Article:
The new Carbon Brief analysis shows that the US has paid far less than what its ‘fair share’ of the $100 billion climate-finance goal is.
Other countries have been lagging behind on their contribution, as well, including Canada, Australia and the UK.
The share that each country is supposed to pay to meet the internationally agreed target is proportionate to its share of historical greenhouse gas (GHG) emissions.
The 100$ billion climate-finance target was agreed upon during the COP15 climate conference, back in 2009, when developed countries said they would deliver their financial contributions by 2020,
As the US is responsible for about 52% of the world’s historical emissions, which, after accounting for private-finance contributions, would mean that the country’s ‘fair share’ of the $100 billion should be $39.9 billion.
However, as per the data for 2020 (the most recent year, for which there is information available), the US paid only $7.6 billion, underpaying by roughly $32 billion.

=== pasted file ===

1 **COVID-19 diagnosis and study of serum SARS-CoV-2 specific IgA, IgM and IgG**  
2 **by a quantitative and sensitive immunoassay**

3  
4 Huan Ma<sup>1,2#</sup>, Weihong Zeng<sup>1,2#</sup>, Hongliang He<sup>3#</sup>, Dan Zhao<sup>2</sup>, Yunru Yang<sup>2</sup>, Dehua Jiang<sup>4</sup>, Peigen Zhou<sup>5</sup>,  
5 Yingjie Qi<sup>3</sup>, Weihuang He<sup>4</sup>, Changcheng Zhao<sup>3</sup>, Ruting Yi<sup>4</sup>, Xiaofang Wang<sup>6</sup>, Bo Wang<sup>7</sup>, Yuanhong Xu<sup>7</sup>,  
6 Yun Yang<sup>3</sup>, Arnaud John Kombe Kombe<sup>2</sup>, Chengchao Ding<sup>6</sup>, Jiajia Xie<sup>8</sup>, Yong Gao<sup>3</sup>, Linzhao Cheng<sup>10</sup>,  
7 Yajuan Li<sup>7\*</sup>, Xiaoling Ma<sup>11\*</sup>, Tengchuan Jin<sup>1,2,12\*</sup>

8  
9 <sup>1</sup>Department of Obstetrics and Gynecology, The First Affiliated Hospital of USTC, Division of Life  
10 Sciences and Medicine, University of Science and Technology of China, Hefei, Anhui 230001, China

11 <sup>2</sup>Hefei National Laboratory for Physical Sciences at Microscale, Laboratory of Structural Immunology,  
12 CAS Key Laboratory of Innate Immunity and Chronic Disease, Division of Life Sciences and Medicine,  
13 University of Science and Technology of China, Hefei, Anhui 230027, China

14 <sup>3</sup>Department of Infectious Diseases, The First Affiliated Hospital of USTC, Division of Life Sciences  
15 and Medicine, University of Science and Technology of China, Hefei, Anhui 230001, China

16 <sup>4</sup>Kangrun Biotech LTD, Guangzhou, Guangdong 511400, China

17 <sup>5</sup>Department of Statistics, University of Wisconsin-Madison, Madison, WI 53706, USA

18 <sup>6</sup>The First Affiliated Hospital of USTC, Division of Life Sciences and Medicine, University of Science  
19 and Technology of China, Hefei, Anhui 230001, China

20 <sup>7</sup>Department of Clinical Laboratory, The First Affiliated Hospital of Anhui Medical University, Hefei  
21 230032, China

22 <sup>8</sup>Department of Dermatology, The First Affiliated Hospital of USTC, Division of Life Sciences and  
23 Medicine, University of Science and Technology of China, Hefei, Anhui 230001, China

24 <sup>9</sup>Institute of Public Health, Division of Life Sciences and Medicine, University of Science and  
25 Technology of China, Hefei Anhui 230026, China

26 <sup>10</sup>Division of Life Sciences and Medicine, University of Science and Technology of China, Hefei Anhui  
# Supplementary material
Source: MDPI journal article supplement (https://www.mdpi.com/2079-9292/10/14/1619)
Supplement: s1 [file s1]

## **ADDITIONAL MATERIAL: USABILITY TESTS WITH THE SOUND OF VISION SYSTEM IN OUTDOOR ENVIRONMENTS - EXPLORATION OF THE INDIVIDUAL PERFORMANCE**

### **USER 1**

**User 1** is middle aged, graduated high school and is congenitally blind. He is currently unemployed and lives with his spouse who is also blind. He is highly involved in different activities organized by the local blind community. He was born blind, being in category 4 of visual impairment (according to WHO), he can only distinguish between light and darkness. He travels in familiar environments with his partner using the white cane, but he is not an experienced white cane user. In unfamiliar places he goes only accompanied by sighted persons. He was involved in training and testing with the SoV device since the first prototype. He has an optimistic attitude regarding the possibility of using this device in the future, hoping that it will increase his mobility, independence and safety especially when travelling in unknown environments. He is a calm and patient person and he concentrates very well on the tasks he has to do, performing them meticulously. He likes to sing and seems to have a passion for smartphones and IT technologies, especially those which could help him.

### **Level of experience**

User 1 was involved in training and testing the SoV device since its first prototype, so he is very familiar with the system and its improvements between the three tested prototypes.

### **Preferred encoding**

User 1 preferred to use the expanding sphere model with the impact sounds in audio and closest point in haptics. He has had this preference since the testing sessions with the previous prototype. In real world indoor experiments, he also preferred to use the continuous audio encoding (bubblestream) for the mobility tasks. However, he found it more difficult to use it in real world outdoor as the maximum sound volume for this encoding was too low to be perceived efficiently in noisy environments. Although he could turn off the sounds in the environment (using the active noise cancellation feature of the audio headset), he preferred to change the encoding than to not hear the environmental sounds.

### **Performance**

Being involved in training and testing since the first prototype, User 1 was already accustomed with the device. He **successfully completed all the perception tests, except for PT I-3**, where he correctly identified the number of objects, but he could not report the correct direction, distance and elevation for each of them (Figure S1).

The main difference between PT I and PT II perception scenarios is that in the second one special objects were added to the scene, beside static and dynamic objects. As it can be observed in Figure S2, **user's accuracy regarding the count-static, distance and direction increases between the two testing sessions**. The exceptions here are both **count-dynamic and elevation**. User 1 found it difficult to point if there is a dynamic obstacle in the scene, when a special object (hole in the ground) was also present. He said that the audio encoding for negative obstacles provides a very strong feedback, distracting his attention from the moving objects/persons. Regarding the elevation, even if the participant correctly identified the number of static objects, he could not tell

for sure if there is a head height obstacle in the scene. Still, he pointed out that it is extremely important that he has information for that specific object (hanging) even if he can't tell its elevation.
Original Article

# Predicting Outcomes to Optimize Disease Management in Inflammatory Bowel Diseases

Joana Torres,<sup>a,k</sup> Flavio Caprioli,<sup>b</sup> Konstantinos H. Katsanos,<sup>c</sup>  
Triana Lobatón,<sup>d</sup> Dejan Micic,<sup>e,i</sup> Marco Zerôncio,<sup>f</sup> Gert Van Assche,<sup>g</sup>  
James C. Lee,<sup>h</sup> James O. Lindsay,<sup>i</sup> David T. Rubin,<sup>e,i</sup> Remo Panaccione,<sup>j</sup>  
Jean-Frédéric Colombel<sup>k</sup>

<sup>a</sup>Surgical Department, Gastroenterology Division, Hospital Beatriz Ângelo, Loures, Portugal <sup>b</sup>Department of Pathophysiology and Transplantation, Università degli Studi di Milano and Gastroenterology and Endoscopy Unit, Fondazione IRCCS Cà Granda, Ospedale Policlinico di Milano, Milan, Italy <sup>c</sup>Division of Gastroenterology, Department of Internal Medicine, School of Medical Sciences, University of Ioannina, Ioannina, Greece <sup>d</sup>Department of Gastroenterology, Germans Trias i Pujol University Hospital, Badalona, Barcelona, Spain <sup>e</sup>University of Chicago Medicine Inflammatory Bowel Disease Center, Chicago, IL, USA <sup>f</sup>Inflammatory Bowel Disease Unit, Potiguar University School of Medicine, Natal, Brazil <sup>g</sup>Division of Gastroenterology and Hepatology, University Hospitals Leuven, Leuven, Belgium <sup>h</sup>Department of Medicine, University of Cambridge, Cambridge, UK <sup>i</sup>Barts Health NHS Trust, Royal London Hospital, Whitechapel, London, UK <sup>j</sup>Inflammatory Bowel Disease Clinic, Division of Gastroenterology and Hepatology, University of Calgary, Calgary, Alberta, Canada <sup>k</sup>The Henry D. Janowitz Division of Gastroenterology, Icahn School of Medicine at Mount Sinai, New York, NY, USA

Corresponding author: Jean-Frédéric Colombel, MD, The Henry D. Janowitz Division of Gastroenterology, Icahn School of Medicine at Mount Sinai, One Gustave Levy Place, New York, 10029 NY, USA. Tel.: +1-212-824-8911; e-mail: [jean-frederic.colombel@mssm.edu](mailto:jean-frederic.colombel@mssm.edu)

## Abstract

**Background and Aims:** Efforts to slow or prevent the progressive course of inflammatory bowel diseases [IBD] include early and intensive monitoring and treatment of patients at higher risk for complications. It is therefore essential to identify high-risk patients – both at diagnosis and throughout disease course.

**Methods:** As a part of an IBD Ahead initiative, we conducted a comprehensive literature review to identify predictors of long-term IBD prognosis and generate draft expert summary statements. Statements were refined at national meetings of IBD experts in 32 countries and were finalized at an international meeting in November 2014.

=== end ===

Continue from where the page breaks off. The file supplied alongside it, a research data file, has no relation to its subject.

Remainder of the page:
It’s a similar situation with Canada, which only paid 37% of its fair share in 2020, falling some $3.3 billion short.
On the opposite end of the spectrum are Japan, Germany and France that contributed more than their fair share of the $100 billion target, although most of their finance was in the form of loans instead of grants.
Thus, only $83 billion of the agreed $100 billion were raised in 2020 and expectations are that the climate-finance target won’t be reached until 2023.